Five Theoretically Awesome Attempts to Fly (That Failed)

  • March 21, 2010
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Fieseler Fi 103R

As World War II entered its closing years German military officials developed the Leonidas Squadron. Though the name would imply a group of well built and inexplicably oily men engaging Allied soldiers on the field of battle the Leonidas Squadron was trained with the intention of every member meeting a horrible demise as part of their mission. Ideally the squadron would prove to be as damaging as the Japanese kamikaze soldiers, though if that were true they probably wouldn't have been included on this list.

To arm the new suicide squadron a special aircraft was developed by converting the V-1 Flying Bomb into a manned craft. Given that, you know, it was a bomb, the conversion process was pretty cheap and left out many of the bells and whistles aviation enthusiasts have come to know and love: a cramped cockpit was added to the craft complete with plywood bucket seat. That's about it. Wings were added but the craft itself didn't fly. Instead it was dropped from ships piloted by more fortunate pilots and glided somewhat, allowing the damned soul inside to control where they'd like to leave their crater. Soldiers were trained with gliders until 1944 when test flights began.

fieseler fi 103r01

Like this, but constantly exploding.

The problem with 103R was obvious: if it was successful, it would explode and kill the pilot. If it somehow failed in carrying out this most basic of functions then it was virtually useless. During test flights the ship's own vibrations caused the wings to fall off, effectively robbing the pilot of what little control they had. Realizing an uncontrollable bomb wasn't quite as effective as they would have hoped, the Leonidas Squadron was disbanded, but not before being deployed at the Battle of Berlin in 1945. According to historians the squadron managed to destroy a single bridge. Success?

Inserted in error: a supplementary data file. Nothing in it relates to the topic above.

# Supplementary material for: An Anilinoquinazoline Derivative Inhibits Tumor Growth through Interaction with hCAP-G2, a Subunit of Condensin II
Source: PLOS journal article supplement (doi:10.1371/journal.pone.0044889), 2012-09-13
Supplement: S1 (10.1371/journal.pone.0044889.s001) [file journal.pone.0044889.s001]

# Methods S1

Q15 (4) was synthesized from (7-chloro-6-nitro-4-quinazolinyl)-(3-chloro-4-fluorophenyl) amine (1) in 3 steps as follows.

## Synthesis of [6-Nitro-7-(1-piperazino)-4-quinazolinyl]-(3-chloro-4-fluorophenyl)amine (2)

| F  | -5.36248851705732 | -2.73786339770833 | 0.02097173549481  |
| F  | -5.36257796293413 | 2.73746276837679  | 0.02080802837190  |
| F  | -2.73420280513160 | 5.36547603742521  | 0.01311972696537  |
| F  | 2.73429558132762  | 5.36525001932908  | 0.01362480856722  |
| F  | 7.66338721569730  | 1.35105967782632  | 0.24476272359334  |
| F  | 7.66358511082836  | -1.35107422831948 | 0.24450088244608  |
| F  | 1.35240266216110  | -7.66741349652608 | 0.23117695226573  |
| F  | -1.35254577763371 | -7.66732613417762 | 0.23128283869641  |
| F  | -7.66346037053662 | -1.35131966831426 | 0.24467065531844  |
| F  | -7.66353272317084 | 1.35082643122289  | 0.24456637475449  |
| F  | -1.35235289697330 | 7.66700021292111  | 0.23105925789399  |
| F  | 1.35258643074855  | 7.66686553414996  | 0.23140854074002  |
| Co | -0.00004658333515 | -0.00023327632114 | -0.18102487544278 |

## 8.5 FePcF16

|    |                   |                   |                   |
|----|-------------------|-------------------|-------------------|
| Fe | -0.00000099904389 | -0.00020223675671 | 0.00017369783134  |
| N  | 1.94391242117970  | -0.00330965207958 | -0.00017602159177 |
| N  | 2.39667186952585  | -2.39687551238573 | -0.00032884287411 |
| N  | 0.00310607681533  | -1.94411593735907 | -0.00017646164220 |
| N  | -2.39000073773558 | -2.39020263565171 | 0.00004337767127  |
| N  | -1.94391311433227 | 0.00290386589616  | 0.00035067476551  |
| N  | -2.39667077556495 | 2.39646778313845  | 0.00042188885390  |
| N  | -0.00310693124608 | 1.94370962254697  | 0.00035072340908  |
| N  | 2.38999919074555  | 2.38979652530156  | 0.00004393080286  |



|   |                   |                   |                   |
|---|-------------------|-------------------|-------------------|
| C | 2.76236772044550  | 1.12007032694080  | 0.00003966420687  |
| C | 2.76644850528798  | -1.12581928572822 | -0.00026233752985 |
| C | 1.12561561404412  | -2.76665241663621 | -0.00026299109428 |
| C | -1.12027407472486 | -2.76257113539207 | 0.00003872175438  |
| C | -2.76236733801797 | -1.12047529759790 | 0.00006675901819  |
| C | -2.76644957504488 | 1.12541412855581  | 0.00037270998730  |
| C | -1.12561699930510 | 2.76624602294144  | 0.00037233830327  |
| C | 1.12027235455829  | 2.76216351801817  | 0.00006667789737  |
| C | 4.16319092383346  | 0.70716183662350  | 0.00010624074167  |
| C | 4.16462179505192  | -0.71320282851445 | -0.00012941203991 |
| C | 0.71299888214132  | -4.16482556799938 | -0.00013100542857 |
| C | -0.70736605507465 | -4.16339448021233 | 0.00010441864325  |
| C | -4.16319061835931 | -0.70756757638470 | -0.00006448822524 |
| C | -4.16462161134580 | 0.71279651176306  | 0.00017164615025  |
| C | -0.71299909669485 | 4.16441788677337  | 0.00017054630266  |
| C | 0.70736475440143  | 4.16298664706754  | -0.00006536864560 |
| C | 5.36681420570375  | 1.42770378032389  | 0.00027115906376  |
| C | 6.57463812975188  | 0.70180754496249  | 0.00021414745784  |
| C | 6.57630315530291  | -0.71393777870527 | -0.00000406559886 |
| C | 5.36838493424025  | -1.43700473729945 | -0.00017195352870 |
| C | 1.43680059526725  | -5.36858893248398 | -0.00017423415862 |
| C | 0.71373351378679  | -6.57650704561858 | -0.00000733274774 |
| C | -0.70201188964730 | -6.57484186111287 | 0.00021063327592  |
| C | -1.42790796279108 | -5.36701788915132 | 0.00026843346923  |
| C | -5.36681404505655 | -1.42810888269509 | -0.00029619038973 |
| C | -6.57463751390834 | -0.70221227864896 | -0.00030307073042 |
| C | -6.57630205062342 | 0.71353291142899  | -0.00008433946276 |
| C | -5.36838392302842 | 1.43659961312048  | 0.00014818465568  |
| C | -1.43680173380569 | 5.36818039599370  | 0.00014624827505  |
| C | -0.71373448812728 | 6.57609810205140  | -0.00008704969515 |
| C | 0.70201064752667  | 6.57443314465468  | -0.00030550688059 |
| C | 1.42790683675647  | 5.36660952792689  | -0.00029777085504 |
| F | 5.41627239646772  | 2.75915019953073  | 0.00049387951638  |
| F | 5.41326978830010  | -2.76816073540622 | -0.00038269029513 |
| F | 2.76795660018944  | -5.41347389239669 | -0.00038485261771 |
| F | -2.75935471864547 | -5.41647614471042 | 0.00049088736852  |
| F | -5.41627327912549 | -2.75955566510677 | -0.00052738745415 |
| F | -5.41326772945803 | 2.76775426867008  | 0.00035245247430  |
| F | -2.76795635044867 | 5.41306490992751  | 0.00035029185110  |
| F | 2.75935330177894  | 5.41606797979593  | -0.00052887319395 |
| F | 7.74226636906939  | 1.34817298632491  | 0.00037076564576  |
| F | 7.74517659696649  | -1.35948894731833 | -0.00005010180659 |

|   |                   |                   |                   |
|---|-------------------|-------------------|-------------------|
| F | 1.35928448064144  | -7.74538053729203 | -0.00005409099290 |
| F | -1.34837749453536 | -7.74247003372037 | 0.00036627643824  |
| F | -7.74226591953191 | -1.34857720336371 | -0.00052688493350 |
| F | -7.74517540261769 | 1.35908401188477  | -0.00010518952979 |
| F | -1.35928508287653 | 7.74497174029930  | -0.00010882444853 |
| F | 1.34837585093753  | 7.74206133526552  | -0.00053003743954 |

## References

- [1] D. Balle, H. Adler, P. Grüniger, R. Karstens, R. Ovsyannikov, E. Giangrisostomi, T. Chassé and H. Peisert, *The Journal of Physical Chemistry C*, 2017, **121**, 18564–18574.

fieseler fi 103r02


The Parachute Coat

Franz Reichelt was a man spited by fate: it seemed his life was destined to be that of a tailor but he had a different dream. The new world of the twentieth century had no need for button down shirts and well fitted slacks. Hiding one's naked shame was no longer as exciting as it once was. Humanity was racing to the sky, to fly amongst the birds, burst through the heavens and to kick the very a$# of God. While many inventors trained in the field of science (and many more who weren't) worked around the clock to make aviation more awesome and less likely to kill you in a silo collision, Franz made a keen observation: escaping a doomed airplane just wasn't fashionable. Thus the parachute coat was conceived.

parachute coat


Working under the assumption that everyone wants to look like a gay magician as they plummeted towards the earth, Franz designed what was part over-sized overcoat and part science fair runner-up. He believed that a large enough coat could catch enough air to act as a parachute and gently float the wearer down to the ground. Had he done fifteen minutes of research he would have realized that physics doesn't quite work that way and could have moved onto designing pogo boots instead. Without any sort of practical tests Franz finished the coat and decided it worked, based on absolutely nothing, and that the public must see his brilliance.

The grand unveiling would take place in Paris. Franz spoke to French authorities and somehow convinced them to let him leap from the Eiffel tower, the tallest man-made structure at the time. With a crowd of spectators watching from below Franz jumped from the tower and fell with just as much grace and beauty as a bridge collapse. Fortunately, the news media was at hand to make what would later become the most awesome silent movie ever.

Written by Mark Hill – Copyrighted © Image Sources

Image sources:

  • - The Christmas Bullet :
  • - Goodyear Inflatoplane :
  • - Hiller VZ-1 :
  • - Fieseler Fi 103R :
  • - The Parachute Coat :